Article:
Comments on Robert Gottliebsen “Turning on a Chinese axis”, 19/05/2009, http://www.businessspectator.com.au/bs.nsf/Article/future-pd20090519-S6T4N?OpenDocument&src=sph&alerts&loc=center.
Dear Robert, what you said in this article is important issue that will have significant implications for many in the world, whether one is currently aware of it and is concerned with it or not.
If the trends of the international economies of the past two decades are any guide to the future, it seems that the continual shift in the economic powers among world big economies will see the rise of China as the world largest economy in the not long distant future.
I call this international geoeconomics of our time. This, coupled with the high saving rates of the Chinese, does imply that the Chinese will be a very large international banker, to underwrite many things, not to mention the huge US government debts.
It is quite likely that the international geoeconomics will also shape international geopolitics. The world has to accommodate the changing and changed reality. But that is not our focus here in this forum, so let’s focus on business and economics.
The rise of China economically and the relative decline of the US economy internationally as seen in its falling share of the world economy, will mean there is a need to reform or restructure some of the international institutions that have been built on the post-war economic reality, with the strong focus on the dominance of the US and the west Europeans in the governance of those institutions.
Reforming IMF, the world bank and WTO will not only reflect the need to accommodate the rise of the Chinese economy and its shares in international trade and capital flows, but more importantly the collective transformation of some of the big developing economies, the BRIC for example, and Russia.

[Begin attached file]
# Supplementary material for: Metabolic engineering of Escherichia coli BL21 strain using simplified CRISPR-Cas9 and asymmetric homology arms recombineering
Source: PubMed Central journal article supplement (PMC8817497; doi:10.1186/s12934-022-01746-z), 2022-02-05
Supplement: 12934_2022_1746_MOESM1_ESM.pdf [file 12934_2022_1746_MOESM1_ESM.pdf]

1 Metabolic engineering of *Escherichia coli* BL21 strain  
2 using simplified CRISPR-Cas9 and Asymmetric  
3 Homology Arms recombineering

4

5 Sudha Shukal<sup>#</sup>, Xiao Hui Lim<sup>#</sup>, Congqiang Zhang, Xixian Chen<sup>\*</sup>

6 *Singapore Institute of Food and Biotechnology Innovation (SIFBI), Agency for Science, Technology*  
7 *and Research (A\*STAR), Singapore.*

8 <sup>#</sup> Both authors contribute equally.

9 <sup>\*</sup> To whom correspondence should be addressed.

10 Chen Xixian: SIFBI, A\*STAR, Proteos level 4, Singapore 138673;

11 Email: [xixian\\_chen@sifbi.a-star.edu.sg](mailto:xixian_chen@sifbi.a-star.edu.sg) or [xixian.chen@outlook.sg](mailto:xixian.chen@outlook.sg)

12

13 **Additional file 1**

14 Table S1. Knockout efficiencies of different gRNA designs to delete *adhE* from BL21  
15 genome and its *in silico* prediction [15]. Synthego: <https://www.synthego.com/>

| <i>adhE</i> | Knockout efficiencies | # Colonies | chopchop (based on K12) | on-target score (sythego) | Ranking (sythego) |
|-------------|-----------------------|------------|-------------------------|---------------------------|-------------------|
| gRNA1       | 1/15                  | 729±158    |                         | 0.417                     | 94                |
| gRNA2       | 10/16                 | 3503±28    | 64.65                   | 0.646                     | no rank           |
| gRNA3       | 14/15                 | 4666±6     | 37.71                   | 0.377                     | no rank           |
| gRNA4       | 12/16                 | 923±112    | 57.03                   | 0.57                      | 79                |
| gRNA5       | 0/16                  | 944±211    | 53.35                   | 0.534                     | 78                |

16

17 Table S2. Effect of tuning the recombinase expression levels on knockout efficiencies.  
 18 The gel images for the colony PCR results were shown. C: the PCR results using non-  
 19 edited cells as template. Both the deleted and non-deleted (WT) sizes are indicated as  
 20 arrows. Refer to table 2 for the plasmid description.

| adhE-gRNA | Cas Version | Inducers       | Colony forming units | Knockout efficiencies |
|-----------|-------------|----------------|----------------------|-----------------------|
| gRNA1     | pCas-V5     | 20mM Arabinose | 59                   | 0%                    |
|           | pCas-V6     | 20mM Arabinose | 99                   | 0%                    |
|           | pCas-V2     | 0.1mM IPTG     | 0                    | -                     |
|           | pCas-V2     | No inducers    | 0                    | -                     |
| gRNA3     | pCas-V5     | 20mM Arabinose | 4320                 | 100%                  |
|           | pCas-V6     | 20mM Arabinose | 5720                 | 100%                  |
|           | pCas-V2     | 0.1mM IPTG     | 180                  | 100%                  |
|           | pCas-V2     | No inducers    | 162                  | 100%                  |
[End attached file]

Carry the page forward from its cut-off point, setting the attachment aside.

Economically and politically, Japan has been underweighted internationally, due to its role in World War II. This also needs to change to be more just and more appropriate in the current world reality more than 60 years after that war. But there have been difficulties in allowing Japan to play a bigger role, because of strong reactions from some of the Asian countries that suffered in the hands of Japanese imperial army during the Second World War. Japan will need to reconcile with its near neighbors on those issues.
Elsewhere when I commented on an article, I made a proposal to introduce a new governing or final voting system (see http://mrlincolns.blogspot.com/2009/05/new-voting-mechanism.html, or http://www.eastasiaforum.org/2009/05/11/the-chiang-mai-initiative-china-japan-and-financial-regionalism/). That proposal attempts to inject new thinking in terms of the governance of international institutions.
That proposal combines the current UN senate-style voting and IMF (economically) representative voting, to give a larger role for every country irrespective its size, but at the same time recognize economic accountability. That reflects the world trends of globalization and integration, and the human nature of our current time of becoming more humanitarianism.
The international community needs to persuade big powers, old, new and emerging, to accept a new and more humanitarian approach to the governing of we human beings at this age.